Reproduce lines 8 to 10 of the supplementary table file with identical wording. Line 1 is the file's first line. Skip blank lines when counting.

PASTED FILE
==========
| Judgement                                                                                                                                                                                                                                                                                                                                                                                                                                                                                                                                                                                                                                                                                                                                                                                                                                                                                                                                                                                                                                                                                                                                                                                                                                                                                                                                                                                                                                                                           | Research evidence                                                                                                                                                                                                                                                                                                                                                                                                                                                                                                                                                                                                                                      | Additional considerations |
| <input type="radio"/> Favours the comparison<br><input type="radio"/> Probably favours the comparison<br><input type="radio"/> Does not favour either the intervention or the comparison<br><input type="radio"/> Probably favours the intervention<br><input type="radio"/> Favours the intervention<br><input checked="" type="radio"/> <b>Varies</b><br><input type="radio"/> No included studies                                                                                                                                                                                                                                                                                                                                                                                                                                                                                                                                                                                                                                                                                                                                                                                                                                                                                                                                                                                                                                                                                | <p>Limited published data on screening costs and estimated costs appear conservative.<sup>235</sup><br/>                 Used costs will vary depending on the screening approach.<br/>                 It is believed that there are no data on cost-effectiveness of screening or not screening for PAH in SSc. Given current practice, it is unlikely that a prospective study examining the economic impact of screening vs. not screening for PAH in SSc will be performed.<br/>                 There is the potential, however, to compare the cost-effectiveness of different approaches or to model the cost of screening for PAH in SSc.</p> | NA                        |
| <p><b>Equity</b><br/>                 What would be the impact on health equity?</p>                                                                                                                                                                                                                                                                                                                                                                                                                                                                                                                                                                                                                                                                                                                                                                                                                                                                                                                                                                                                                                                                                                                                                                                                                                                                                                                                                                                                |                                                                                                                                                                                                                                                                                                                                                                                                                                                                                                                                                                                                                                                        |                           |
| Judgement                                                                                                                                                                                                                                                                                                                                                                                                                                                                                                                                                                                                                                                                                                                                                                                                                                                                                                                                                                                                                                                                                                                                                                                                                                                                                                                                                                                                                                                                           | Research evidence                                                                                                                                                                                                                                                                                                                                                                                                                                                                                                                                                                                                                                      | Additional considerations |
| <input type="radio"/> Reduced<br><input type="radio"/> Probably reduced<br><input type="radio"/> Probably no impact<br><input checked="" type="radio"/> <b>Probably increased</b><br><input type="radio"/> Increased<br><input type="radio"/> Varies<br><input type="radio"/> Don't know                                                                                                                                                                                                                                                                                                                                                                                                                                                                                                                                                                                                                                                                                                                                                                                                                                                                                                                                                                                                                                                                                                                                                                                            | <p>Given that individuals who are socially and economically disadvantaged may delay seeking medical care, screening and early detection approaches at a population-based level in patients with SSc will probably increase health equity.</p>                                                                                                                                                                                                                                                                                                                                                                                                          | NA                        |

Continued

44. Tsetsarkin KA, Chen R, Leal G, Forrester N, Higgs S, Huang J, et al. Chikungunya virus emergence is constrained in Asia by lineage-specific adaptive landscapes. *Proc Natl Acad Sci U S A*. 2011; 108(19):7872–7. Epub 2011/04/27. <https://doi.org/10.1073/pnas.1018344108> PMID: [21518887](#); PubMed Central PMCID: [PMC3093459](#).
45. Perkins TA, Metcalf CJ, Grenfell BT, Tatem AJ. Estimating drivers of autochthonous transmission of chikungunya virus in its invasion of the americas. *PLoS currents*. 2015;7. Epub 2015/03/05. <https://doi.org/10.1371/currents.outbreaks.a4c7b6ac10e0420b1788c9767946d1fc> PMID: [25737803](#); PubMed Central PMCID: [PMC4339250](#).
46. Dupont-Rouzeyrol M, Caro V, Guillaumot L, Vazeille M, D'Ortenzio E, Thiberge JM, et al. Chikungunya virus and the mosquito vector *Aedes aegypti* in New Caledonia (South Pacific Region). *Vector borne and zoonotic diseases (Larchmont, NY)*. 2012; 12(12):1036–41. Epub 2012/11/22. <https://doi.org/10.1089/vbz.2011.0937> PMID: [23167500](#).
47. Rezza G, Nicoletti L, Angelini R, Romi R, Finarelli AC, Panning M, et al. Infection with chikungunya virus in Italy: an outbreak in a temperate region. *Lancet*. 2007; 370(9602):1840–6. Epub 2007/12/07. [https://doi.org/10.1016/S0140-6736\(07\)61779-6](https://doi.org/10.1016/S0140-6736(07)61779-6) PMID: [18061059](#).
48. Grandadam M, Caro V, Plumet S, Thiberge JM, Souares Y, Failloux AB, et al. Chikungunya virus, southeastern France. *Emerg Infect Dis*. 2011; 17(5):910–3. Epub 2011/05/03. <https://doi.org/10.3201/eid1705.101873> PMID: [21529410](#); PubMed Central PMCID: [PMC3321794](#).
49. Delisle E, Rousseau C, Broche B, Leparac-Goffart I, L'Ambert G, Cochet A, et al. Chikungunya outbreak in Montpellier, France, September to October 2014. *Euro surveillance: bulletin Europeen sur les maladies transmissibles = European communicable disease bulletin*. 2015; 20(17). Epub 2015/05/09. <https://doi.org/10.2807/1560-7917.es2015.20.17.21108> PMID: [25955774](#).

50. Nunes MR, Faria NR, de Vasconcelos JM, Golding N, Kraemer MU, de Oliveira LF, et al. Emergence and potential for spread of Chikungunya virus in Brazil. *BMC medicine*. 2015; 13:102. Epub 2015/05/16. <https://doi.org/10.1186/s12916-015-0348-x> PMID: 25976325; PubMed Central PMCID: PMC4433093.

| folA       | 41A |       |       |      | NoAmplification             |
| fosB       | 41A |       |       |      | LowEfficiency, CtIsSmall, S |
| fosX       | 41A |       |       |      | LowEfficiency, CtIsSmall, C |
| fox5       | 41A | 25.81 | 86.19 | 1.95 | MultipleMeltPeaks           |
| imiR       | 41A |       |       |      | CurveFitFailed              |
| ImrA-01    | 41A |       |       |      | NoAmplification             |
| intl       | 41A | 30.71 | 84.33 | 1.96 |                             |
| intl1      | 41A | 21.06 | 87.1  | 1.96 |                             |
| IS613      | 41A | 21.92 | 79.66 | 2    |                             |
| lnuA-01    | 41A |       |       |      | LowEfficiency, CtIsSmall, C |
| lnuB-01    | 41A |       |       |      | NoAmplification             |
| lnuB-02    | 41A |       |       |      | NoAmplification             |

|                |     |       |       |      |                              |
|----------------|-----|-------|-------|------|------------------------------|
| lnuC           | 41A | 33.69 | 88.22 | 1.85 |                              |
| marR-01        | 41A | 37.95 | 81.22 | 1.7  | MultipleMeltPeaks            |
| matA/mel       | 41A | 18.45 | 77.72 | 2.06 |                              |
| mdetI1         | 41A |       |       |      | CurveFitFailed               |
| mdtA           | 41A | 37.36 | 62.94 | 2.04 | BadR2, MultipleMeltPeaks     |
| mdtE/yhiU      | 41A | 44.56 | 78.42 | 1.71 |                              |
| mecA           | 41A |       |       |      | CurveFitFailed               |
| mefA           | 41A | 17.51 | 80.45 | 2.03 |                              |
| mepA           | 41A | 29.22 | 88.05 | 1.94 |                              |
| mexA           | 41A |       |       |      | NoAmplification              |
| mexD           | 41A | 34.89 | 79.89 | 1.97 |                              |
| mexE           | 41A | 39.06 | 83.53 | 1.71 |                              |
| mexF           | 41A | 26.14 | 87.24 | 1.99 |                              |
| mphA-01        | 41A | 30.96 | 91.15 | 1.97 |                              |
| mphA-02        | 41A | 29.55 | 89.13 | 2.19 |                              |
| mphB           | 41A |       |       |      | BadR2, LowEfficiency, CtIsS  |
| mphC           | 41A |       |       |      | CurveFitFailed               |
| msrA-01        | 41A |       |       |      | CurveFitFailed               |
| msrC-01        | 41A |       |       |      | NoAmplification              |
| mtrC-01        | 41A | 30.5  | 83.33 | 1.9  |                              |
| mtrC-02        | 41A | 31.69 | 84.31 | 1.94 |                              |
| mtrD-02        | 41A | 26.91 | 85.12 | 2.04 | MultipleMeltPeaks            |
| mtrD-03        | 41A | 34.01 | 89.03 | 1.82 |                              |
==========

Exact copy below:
45. Perkins TA, Metcalf CJ, Grenfell BT, Tatem AJ. Estimating drivers of autochthonous transmission of chikungunya virus in its invasion of the americas. *PLoS currents*. 2015;7. Epub 2015/03/05. <https://doi.org/10.1371/currents.outbreaks.a4c7b6ac10e0420b1788c9767946d1fc> PMID: [25737803](#); PubMed Central PMCID: [PMC4339250](#).
46. Dupont-Rouzeyrol M, Caro V, Guillaumot L, Vazeille M, D'Ortenzio E, Thiberge JM, et al. Chikungunya virus and the mosquito vector *Aedes aegypti* in New Caledonia (South Pacific Region). *Vector borne and zoonotic diseases (Larchmont, NY)*. 2012; 12(12):1036–41. Epub 2012/11/22. <https://doi.org/10.1089/vbz.2011.0937> PMID: [23167500](#).
47. Rezza G, Nicoletti L, Angelini R, Romi R, Finarelli AC, Panning M, et al. Infection with chikungunya virus in Italy: an outbreak in a temperate region. *Lancet*. 2007; 370(9602):1840–6. Epub 2007/12/07. [https://doi.org/10.1016/S0140-6736\(07\)61779-6](https://doi.org/10.1016/S0140-6736(07)61779-6) PMID: [18061059](#).